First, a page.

Today the Utah State Library offered a two-hour presentation on “Social Media and the Law” by Randy Dryer, a social media attorney, which I attended. At the beginning of his talk, he asked how many libraries had a social media policy. Only a handful, including myself, raised their hands. Dryer then went on to briefly outline how social media has changed our society’s communications models from a one-to-many to a many-to-many form. Roles once held by main stream media can now be assumed by anyone with an Internet connection — broadcaster (YouTube), journalist (CNNiReport), expert (Wikipedia), critic/reviewer (Digg), or even a network (Facebook, Doximity and others).
Social media is an inexpensive and flexible way to market and promote library services, engage with users, and provide new ways to utilize library content and discovery tools. Dryer recommends that if a library utilizes social media, they need policies in order to:
- Provide guidelines to employees and patrons.
- Teach employees about the benefits and dangers of social media.
- Minimize legal risks to the library and its employees.
Dryer’s talk provided much useful information on best practices for dealing with user/patron-posted content, issues and concerns related to children and social media, and free speech issues.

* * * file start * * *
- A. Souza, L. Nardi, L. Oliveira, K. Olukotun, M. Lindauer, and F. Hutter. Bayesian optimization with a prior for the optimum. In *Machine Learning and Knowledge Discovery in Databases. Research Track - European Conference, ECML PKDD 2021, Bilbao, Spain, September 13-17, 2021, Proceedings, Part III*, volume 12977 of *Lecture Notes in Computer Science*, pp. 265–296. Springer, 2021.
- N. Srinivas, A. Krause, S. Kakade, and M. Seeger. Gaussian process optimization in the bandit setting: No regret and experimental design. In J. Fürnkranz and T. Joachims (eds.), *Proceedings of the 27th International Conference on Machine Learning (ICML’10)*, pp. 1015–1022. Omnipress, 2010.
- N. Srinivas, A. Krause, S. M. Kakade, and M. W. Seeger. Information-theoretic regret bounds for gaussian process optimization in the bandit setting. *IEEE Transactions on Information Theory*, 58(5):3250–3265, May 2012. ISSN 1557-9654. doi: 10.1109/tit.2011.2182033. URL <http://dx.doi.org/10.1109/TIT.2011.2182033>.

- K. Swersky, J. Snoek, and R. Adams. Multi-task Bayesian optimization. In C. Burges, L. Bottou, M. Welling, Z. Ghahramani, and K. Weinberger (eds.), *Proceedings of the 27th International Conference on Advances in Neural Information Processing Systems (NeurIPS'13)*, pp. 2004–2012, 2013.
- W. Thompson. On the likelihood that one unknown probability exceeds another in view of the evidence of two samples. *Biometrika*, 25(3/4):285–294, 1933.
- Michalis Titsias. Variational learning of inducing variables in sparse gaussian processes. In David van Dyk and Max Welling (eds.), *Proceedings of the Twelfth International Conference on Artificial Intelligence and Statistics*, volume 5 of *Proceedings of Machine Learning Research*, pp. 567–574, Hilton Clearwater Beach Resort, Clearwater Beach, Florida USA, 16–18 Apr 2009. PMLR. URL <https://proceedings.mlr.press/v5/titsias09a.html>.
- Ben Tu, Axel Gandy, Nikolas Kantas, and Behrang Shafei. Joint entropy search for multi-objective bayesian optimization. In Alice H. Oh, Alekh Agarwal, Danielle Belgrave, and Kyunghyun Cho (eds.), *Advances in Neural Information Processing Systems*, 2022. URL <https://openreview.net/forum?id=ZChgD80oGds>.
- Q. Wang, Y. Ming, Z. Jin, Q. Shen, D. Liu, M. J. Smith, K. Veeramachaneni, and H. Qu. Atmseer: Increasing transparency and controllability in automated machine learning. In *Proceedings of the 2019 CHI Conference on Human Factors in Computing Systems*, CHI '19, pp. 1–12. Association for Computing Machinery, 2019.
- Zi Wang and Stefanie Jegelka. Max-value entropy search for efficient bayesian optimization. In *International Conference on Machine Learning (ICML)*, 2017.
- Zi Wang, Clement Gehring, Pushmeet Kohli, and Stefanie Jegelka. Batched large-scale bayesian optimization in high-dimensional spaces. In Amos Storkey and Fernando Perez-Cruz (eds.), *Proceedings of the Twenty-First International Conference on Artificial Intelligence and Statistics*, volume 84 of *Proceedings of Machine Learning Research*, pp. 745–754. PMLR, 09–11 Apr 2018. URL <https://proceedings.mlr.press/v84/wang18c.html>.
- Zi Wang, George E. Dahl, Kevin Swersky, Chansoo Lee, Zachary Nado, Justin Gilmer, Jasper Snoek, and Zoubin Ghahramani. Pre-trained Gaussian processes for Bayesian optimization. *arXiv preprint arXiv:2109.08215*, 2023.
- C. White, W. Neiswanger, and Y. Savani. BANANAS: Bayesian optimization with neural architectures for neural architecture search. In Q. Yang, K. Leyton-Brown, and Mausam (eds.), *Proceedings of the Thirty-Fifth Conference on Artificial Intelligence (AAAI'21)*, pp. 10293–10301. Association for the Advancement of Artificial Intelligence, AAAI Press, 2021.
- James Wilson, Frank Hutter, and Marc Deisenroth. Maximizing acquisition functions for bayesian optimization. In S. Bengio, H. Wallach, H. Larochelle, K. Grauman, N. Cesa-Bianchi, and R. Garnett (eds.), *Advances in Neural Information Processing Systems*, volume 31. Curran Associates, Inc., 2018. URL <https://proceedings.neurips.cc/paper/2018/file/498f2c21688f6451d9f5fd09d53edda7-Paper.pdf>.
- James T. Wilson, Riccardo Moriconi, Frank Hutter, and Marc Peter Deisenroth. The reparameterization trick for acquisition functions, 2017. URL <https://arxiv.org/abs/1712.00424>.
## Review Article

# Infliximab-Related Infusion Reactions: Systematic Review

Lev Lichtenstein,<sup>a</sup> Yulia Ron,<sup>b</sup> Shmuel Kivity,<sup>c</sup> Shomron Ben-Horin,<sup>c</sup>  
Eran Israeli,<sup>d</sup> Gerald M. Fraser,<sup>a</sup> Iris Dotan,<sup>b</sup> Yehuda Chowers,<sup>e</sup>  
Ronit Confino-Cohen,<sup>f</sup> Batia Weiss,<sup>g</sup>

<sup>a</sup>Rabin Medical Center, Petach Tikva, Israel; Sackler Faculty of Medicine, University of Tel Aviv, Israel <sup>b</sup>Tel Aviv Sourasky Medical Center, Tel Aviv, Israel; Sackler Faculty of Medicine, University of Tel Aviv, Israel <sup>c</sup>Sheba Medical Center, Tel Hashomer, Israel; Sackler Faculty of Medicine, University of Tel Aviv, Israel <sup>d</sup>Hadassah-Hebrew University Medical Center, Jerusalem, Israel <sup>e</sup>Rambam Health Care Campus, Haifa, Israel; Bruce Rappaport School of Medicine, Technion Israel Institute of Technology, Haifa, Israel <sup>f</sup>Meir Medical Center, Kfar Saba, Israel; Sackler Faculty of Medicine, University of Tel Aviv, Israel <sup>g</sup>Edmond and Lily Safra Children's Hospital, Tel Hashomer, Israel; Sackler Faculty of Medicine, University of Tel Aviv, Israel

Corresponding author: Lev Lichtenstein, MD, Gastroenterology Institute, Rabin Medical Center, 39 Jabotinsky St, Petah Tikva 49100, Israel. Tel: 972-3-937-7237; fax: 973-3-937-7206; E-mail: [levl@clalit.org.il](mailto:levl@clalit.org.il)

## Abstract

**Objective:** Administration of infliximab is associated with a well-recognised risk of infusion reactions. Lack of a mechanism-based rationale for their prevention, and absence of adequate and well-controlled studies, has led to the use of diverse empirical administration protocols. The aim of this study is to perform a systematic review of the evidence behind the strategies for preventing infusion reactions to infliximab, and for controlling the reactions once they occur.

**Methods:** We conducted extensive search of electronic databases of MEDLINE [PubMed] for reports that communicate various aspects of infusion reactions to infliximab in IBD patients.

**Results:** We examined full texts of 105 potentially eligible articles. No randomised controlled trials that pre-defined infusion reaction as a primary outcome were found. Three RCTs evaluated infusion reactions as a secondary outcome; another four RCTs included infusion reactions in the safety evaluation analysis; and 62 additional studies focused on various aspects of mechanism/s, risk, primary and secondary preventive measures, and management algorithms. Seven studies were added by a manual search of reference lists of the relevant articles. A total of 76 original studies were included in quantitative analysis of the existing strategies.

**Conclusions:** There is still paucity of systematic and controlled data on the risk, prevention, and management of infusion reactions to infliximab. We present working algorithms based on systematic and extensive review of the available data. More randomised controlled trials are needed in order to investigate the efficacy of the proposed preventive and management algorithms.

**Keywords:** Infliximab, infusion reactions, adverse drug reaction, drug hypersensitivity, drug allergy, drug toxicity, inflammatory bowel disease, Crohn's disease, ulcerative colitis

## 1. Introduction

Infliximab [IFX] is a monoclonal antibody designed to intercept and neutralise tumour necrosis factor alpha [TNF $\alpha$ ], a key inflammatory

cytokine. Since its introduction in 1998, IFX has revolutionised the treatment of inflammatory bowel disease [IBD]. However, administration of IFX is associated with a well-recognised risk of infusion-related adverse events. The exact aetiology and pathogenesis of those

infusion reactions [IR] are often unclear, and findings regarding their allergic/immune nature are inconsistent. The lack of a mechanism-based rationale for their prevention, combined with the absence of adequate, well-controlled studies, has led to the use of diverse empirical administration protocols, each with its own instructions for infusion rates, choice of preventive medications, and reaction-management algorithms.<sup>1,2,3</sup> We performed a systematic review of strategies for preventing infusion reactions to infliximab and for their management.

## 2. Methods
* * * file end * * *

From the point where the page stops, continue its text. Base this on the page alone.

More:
Generally speaking, if a library site (website, social media, etc.) allows for patron posting of content, it is considered a “limited public forum.” Content on such a forum is best managed by adopting a policy that meets First Amendment considerations; clearly defines the purpose of the forum; and reserves the right to remove content unrelated to that purpose.
As readers of this blog know, Eccles Health Sciences Library has a Facebook page, Twitter feed, and this blog. At the present, only library faculty and staff are allowed to post to these accounts, and we have developed internal policies to guide their use. If you represent a library and would like to read our policy, please email me at